They soon become embroiled in a caper involving some very sensitive and important documents that were passed to a young lady named Jane Finn on the ship Lusitania as it sank. The papers and the young woman are both missing, and it’s vital that the “good guys” find both before the “bad guys,” who are a shadowy international crime syndicate with Bolshevik leanings led by the mysterious and sinister Mr. Brown. They want to destabilize the government which is already under pressure from Labour unrest. Tommy and Tuppence get themselves into one tight spot after another and it’s very entertaining watching them use their wits to dig themselves out. This novel had a zippy pace and energy that I haven’t encountered in the Poirot and Marple mysteries I’ve read so far. I was completely dumbfounded by the twist ending, suspecting the entirely wrong person of malfeasance. Christie is once again the queen of misdirection. I will definitely read more of the Tommy and Tuppence mysteries! ⭐ ⭐ ⭐ ⭐

Have you read either of these? Do they appeal? How is your 20 Books of Summer Challenge going, if you’re participating? I’m on my fifth book, which I hope to finish tonight.

How To Be An Antiracist and New Waves: 20 Books of Summer #1 & #2

There is no in-between safe space of “not racist.” The claim of “not racist” neutrality is a mask for racism. This may seem harsh, but it’s important at the outset that we apply one of the core principles of antiracism, which is to return the word “racist” itself back to its proper usage. “Racist” is not – as Richard Spencer argues – a pejorative. It is not the worst word in the English language; it is not the equivalent of a slur. It is descriptive, and the only way to undo racism is to consistently identify and describe it – and then dismantle it. The attempt to turn this usefully descriptive term into an almost unusable slur is, of course, designed to do the opposite: to freeze us into inaction.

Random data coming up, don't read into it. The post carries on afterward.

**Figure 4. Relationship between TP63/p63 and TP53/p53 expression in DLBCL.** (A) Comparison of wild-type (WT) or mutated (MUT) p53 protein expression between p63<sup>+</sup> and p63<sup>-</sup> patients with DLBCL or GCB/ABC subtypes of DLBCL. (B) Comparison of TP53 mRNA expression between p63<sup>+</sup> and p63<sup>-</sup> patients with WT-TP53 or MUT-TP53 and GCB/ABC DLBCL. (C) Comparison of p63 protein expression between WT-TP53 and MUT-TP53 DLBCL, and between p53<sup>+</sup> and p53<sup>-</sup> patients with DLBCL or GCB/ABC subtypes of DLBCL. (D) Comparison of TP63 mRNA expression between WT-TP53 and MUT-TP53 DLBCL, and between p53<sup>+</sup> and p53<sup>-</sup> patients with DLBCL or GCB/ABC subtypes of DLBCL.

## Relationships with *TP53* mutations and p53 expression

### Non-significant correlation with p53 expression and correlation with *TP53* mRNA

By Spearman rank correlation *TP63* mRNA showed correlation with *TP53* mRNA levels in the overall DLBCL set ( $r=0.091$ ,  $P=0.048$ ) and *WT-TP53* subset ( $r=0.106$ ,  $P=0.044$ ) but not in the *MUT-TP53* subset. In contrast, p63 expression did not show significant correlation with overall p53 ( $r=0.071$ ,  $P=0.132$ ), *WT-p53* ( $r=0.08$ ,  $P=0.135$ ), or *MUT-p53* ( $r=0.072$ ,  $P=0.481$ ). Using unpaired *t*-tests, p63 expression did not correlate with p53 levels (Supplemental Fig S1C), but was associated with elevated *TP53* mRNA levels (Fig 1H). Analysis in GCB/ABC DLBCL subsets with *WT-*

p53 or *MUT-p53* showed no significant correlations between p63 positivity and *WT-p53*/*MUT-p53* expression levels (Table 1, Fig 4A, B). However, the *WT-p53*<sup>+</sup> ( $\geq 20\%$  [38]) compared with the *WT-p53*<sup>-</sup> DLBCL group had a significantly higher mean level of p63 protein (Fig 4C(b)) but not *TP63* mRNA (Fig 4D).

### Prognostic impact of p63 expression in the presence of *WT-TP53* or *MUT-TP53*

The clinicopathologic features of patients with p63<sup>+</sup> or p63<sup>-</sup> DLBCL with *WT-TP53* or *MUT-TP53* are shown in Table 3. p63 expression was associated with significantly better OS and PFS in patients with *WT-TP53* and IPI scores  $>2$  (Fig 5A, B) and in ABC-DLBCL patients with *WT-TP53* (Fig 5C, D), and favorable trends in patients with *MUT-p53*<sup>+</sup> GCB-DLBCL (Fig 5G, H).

I honestly feel like I don’t know how to best review How To Be An Antiracist by Ibram X. Kendi. It’s the kind of book that can change minds and lives. I feel like I need to read it again and make sure I’ve really absorbed what I’ve read. I will probably do so. I could have quoted two-thirds of the book here in this space, because there are so many salient and persuasive points. Here’s another:

Incorrect conceptions of race as a social construct (as opposed to a power construct), of racial history as a single march of racial progress (as opposed to a duel of antiracist and racist progress), of the race problem as rooted in ignorance and hate (as opposed to powerful self-interest) – all come together to produce solutions bound to fail. Terms and sayings like “I’m not racist” and “race neutral” and “post-racial” and “color-blind” and “only one race, the human race” and “only racists speak about race” and “Black people can’t be racist” and “White peoples are evil” are bound to fail in identifying and eliminating racist power and policy.

There is a lot to digest in Kendi’s ideas but this book is very readable and approachable. He brilliantly starts and ends each chapter with a story from his own life, starting in childhood and all the way to the present, where he confronts his own racist, sexist, and homophobic ideas, thereby showing a personal example of how people can learn and grow in becoming antiracist. It’s a very disarming approach and made me consider the ways in which I have been marinating in our toxic racist, classist, sexist, homophobic culture and absorbing ideas, consciously or unconsciously. I now consider antiracism work to be about power and policy, not just about hearts and minds. I feel like this book can be a game-changer. I can’t recommend it highly enough. I have not yet read his National Book Award-winning book Stamped From the Beginning, but I definitely will. ⭐ ⭐ ⭐ ⭐ ⭐

img_5740New Waves by Kevin Nguyen is an interesting novel. It’s contemporary literary fiction that feels all at once breezy and melancholy. The two main characters, Lucas, an Asian customer service rep at a tech startup, and Margo, a Black programmer tired of being taken for granted, are best friends who “met” virtually years ago on a music pirating server. Margo’s specialty was obscure Japanese pop and Lucas’s was obscure Bossa Nova. They conspire to steal the startup’s user database and get away with it. But soon after, Margo is hit by a car and dies. (The reader knows this from the first chapter and the book jacket so it’s not a spoiler.) Lucas ends up with her laptop and discovers that he didn’t know his best friend as well as he thought he did. This book skillfully examines technology and ethics, friendship, grief, and love. Lucas doesn’t always make the best choices but he was a sympathetic character anyway, and I felt invested in his story. Another interesting thing about this book is that Margo wrote science fiction short stories, and every now and then one is interspersed into the narrative. Despite the melancholy tone this book made me feel hopeful at the end, and I think it’s one I won’t soon forget. I will definitely look out for Nguyen’s next novel. ⭐ ⭐ ⭐ ⭐